Wednesday, December 30, 2009

Activities for readers

Kylene Beers speaks of creating an equal number of questions about each of the following:

Questions to Encourage Reflection About the Plot
• Questions to Encourage Reflection on the Characters
• Questions to Encourage Reflection About the Setting
• Questions to Encourage Reflection About the Theme
• Questions to Encourage Reflection on the

  • Point of View
  • Author's Style
  • Author
Stephanie Harvey's work concludes that we need to:

1. Choose the Text for Questioning.
2. Introduce the Strategy.
3. Model Thinking Aloud
4. Mark the Text with Stick-on Note
5. Allow Time for Guided Practice.

From Strategies That Work, Stephanie Harvey, Stenhouse, 2000

Harvey explains the forms that journals can take. Her emphasis is often on double or triple column journals.
Harvey has posted a two-page handout: Stephanie's Textlifting handouts from the workshop.
She also provides an excellent tutorial in the 7 comprehension strategies which include:
  • Making Connections
  • Questioning
  • Inferring
  • Determining importance
  • Visualizing
  • Synthesizing
  • Monitoring for Meaning.

From Conversations, Regi Routman, Heinemann, 2000

a. Describe similarities and differences between you and a character.
b. Show how event(s) or character(s) remind you of your own life.
c. Write as if you were a character in the book.
d. Make a prediction about what will happen (and then alter or confirm it).
e. Raise questions about what's unclear or puzzling.
f. Summarize key points in the story.
g. Record the key point of the story.
There is an entire page with more of these ideas.


I encourage students to create an AHA response!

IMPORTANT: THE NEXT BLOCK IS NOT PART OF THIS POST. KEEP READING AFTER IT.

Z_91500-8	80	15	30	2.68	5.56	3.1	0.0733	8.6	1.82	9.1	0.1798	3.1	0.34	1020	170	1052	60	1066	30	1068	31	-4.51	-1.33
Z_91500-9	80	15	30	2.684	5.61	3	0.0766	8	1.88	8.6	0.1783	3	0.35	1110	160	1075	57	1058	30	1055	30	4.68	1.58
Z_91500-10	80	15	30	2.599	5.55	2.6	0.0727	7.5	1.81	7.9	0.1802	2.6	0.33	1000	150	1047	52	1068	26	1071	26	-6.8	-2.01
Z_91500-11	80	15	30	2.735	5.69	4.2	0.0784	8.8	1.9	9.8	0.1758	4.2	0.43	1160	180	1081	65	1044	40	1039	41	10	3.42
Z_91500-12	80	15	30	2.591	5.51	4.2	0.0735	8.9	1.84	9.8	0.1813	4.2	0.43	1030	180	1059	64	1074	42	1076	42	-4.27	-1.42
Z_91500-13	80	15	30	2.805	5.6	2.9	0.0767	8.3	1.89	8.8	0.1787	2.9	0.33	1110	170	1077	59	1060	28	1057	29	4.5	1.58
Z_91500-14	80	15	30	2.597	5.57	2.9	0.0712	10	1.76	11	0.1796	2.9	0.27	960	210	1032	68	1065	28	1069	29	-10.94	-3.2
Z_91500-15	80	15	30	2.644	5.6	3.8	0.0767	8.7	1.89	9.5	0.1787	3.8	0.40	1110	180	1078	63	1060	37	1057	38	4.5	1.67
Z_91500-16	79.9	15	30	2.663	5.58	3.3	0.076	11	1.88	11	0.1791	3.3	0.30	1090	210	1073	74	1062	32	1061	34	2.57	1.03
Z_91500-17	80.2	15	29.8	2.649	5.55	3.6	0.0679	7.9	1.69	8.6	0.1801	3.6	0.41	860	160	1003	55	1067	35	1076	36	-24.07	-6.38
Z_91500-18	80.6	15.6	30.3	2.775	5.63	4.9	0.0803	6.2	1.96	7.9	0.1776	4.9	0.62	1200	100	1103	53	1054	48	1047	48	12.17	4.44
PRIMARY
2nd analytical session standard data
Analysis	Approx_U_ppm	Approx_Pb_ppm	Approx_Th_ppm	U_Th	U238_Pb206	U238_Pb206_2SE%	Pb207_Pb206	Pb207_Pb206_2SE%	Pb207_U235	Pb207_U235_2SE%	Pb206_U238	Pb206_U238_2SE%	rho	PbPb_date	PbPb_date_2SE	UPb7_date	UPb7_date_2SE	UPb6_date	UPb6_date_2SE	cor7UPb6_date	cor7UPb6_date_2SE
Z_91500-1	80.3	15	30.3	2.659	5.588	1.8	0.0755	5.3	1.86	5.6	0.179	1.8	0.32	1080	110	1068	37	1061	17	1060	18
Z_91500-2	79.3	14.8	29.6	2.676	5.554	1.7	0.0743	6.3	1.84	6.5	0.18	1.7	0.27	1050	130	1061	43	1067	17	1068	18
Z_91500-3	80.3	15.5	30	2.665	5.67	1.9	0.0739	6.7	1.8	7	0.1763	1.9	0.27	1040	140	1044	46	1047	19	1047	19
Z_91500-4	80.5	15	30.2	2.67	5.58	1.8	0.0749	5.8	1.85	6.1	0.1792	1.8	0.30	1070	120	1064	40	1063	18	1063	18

They divide their paper in half. On one side they can record facts and important information from the text. On the right half their AHAs.
An AHA can be

  • something new I learned
  • a connection I made with my own life
  • something that startled me
  • an idea I may want to research
  • a place I heard this same idea
  • this makes sense because...
  • this answers a question I thought about....

Fluent Readers:

Several teacher-researchers suggest that a mini-lesson, followed by 20 -25 minutes of independent reading time, and ending with a 10 minute sharing period works best with more expereinced readers.
Examples of mini-lesson topics:
  • Strategies good readers use.
  • How to read books (how to hold, open, turn pages, how to treat books, read illustrations).
  • Choosing books.
  • Using soft voices to read aloud.
  • Pointing to the words while reading.
  • Noticing interesting words.
  • Noticing the dedication.
  • What the author does to make the reader laugh or feel sad.
  • How illustrations help the reader.
  • Why the author wrote the book.
  • How characters change.
  • How characters are described.
  • Comparing characters.
  • Finding point of view.
  • Defining the features of a particular genre.
  • How the setting affects the story.
  • What makes a good beginning to a story.
  • What makes a good ending to a story.
  • How to find the mood of a story.
From the MCPS Literacy Guide.

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